I have scratched together a living, in one way or another, as a writer for more than 50 years now. I was a free-lance writer during the early stages of the Vietnam War. I was the Southwest Division Overnight News Editor for United Press International back when UPI was a legitimate news gathering organization. Following that, I went to the Dallas Morning News where I became the first person to write about rock 'n' roll on a daily basis for a Texas metropolitan newspaper. I later became the News' entertainment editor. Following some stints with a couple of prominent PR firms, I had the extraordinary good fortune to team with two communications legends, Ken Fairchild and Lisa LeMaster, as part of one kick-ass media consulting/crisis communications team. That was followed by short stays with the City of Dallas, as its public information officer; the Dallas Northeast Chamber of Commerce where I had the good fortune to meet and work alongside some of this city's business and political titans; and editorial director for QuestCorp Media until that company went out of business. Now officially retired, concentrating on this blog.
Blue Ruin **** Directed by Jeremy Saulnier. Bad news from the past unhinges vagabond Dwight Evans (Macon Blair), sending him on a mission of bloody retribution that takes him to his boyhood hometown. A Clint Eastwood vigilante fantasy with an anti-Clint at its center — small-statured, round-faced, nervous Dwight (Blair), whose burning desire to avenge the long-ago murder of his parents doesn’t make him one whit less terrified of actually doing it.
Dom Hemingway **½ Directed by Richard Shepard. After finishing a 12-year prison sentence, safecracker Dom Hemingway (Jude Law) sets out to collect the money he’s owed by his former partners in crime. An uneven movie, to be sure — plot holes abound, and some of the clichés can be distracting — but it’s still hard to resist. Because rarely have an actor and a part been so perfect for each other, and Shepard lets his lead run wild with this offbeat, contradictory character.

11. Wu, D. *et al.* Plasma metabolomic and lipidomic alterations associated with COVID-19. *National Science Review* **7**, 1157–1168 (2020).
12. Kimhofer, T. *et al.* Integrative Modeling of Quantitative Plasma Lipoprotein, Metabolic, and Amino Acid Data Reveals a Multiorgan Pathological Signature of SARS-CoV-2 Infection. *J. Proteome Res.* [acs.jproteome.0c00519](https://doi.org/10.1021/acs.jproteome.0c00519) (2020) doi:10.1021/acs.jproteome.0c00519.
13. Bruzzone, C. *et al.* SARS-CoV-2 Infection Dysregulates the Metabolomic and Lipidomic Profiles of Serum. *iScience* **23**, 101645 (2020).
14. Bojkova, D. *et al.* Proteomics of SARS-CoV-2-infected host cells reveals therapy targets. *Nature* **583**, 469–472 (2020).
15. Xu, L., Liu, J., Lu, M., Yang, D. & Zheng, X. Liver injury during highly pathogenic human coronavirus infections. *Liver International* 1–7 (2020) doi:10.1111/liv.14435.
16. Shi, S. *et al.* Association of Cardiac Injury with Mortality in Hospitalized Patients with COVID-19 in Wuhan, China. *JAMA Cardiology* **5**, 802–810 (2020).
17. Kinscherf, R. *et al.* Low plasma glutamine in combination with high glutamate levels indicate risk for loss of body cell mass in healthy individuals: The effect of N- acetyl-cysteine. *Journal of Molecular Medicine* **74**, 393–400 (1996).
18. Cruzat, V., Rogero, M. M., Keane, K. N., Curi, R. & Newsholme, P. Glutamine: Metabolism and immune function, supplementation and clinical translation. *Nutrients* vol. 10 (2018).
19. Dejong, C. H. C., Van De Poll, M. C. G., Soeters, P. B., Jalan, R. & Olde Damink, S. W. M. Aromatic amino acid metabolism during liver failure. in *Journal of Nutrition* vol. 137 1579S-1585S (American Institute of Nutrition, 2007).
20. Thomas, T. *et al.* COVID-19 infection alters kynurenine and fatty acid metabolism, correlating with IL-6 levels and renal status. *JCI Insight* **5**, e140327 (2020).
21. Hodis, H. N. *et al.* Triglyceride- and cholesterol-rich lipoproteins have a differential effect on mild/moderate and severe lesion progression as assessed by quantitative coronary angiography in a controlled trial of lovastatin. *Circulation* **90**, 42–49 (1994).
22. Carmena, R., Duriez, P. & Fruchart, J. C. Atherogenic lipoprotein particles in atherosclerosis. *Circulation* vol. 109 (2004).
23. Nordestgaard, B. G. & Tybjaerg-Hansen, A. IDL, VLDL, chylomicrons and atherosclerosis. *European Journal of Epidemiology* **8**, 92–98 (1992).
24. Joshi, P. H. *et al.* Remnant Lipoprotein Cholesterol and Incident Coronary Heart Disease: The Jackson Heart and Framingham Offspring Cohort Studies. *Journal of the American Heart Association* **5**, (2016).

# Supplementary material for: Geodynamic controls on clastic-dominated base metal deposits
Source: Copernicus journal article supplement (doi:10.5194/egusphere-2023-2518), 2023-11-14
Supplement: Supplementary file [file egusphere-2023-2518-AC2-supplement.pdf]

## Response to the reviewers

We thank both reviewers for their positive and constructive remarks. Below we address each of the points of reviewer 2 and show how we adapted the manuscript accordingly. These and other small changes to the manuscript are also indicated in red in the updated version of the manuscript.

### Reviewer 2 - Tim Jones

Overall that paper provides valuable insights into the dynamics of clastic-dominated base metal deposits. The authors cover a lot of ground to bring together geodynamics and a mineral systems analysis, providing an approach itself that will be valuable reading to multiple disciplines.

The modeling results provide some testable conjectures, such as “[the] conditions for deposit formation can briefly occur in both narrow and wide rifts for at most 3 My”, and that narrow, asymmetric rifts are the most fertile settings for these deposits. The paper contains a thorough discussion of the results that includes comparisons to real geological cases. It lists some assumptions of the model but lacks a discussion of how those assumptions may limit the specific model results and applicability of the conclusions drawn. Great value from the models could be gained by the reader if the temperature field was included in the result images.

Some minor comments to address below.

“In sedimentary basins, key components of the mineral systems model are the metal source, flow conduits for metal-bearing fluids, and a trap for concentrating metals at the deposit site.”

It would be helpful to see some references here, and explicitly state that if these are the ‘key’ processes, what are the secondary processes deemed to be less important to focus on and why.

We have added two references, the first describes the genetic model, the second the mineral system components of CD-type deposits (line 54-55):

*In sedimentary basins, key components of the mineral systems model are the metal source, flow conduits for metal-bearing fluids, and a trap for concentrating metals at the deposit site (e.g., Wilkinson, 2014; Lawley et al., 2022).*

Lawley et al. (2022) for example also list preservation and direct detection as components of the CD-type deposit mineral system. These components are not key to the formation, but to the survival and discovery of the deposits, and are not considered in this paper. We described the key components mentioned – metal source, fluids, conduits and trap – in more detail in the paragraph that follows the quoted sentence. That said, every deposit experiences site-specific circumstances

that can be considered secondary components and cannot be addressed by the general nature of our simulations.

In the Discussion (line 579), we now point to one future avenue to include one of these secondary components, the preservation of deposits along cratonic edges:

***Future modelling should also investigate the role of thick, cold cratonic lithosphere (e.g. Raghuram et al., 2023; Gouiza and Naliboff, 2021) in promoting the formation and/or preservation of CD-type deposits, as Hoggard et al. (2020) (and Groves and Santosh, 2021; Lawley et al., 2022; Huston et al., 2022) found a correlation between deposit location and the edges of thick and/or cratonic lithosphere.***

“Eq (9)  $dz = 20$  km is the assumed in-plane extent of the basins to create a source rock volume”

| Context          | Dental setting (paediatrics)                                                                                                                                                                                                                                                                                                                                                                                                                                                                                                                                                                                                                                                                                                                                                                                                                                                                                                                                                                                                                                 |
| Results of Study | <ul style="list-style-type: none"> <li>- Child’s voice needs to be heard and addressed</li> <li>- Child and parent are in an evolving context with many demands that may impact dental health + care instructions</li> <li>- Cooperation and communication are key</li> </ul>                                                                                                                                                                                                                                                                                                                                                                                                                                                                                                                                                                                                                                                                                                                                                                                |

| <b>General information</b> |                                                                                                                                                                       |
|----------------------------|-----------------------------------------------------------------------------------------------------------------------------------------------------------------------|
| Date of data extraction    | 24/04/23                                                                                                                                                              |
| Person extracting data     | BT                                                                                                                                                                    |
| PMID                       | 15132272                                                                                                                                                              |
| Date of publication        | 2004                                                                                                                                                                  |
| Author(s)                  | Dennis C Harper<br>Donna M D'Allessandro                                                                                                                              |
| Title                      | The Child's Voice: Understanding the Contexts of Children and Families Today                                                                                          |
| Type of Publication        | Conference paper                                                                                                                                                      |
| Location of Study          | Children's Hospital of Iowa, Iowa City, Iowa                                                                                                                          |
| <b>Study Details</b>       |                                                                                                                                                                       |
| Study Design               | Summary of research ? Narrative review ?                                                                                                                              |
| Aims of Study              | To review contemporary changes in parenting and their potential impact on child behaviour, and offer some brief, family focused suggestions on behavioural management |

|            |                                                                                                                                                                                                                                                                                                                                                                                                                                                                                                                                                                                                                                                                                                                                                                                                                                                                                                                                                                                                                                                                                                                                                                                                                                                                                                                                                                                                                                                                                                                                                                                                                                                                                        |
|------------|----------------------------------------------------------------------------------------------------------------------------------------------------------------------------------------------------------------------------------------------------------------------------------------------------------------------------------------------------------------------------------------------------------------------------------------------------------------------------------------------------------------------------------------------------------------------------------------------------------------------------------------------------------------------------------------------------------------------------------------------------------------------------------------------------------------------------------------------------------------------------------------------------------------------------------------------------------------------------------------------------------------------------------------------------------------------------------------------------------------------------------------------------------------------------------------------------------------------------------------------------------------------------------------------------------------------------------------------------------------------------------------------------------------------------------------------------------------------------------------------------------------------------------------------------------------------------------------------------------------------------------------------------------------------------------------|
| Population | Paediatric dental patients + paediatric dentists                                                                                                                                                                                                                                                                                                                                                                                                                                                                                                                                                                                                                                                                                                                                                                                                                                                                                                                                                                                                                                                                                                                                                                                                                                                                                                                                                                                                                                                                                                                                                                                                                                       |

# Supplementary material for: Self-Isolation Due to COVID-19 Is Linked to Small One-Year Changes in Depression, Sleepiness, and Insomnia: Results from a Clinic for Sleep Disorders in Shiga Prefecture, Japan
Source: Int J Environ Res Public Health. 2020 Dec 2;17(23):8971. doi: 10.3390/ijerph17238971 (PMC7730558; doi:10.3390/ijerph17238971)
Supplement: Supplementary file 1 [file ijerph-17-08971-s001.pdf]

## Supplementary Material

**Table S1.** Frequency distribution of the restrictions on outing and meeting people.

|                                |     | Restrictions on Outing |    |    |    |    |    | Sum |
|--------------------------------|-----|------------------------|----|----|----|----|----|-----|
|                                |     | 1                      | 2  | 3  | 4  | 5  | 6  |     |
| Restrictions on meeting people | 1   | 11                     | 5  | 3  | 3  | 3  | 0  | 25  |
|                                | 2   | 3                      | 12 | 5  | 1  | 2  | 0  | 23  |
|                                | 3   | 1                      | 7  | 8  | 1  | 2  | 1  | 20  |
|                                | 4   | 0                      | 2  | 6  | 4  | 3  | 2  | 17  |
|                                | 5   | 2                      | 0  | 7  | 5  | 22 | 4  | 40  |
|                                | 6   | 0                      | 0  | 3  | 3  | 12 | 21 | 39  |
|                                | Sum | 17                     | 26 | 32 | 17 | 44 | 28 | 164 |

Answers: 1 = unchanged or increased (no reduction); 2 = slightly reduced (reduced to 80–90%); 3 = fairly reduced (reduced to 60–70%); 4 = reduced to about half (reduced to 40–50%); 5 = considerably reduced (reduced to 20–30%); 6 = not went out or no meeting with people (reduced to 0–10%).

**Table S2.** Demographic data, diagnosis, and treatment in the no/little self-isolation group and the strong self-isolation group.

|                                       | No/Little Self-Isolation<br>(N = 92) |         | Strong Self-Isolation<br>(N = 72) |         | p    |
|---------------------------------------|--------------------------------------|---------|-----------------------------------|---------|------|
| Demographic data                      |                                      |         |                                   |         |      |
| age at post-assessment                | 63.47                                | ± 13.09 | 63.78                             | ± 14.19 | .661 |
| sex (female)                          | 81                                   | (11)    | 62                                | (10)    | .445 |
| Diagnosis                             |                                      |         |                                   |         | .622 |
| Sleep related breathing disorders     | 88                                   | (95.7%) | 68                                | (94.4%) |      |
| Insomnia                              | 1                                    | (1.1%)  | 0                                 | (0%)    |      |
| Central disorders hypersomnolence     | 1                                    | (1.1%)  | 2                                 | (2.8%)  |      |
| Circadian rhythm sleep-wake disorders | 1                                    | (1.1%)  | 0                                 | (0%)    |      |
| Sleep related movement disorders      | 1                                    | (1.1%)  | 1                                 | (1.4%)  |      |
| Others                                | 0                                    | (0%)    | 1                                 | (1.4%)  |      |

Cesar Chavez **½ Directed by Diego Luna. A biography of the civil-rights activist and labor organizer (Michael Peña). Plays more like an exercise in nostalgia than a dramatic re-creation of a triumphant fight for civil rights.
Heaven Is For Real **½ Directed by Randall Wallace. The story of the 4-year old son (Connor Corum) of a small-town Nebraska pastor (Greg Kinnear) who, during emergency surgery, slips from consciousness and enters heaven. When he awakes, he recounts his experiences. A well-meaning but misshapen movie about the folly of pursuing answers to unanswerable questions.
Sabotage ** Directed by David Ayer. Members of an elite DEA task force find themselves being taken down one by one after they rob a drug cartel safe house. A sloppy whodunit, distinguished by its scatological humor and gore. With Arnold Schwarzenegger, Sam Worthington, Olivia Williams, Terrence Howard.
Transcendence ** Directed by Wally Pfister. A scientist’s drive for artificial intelligence, takes on dangerous implications when his consciousness is uploaded into one such program. Pfister, best known until now as the cinematographer on Christopher Nolan’s big films, makes his directorial debut here, and as dumb as Jack Paglen’s script is, Pfister seems to have no feeling whatsoever for the staging of sequences or for any sort of dramatic narrative momentum. With Johnny Depp, Rebecca Hall, Morgan Freeman.
Make Your Move ** Directed by Duane Adler. A pair of star-crossed dancers (Derek Hough, BoA) in New York find themselves at the center of a bitter rivalry between their brothers’ underground dance clubs. Hough’s dancing is far more impressive than his acting, and BoA, despite her perky sexiness, is an even less compelling screen presence. But they certainly move well together, and that’s pretty much all that matters here.
Tyler Perry’s The Single Moms Club *½ Directed by Tyler Perry. A diverse group of single mothers come together after an upsetting occurrence at their kids’ school. The problem here isn’t the writer-director’s politics, but his stifling lack of imagination, his complete refusal to even attempt narrative dexterity.
The Angriest Man in Brooklyn * Directed by Phil Alden Robinson. A curmudgeonly man (Robin Williams) is mistakenly told that he has 90 minutes to live by his doctor (Mila Kunis) and promptly sets out to reconcile with his wife, brother and friends in the short time he believes he has left. Robinson’s overheated dramedy feels disconnected from reality in every emotional way. With Peter Dinklage, James Earl Jones, Melissa Leo.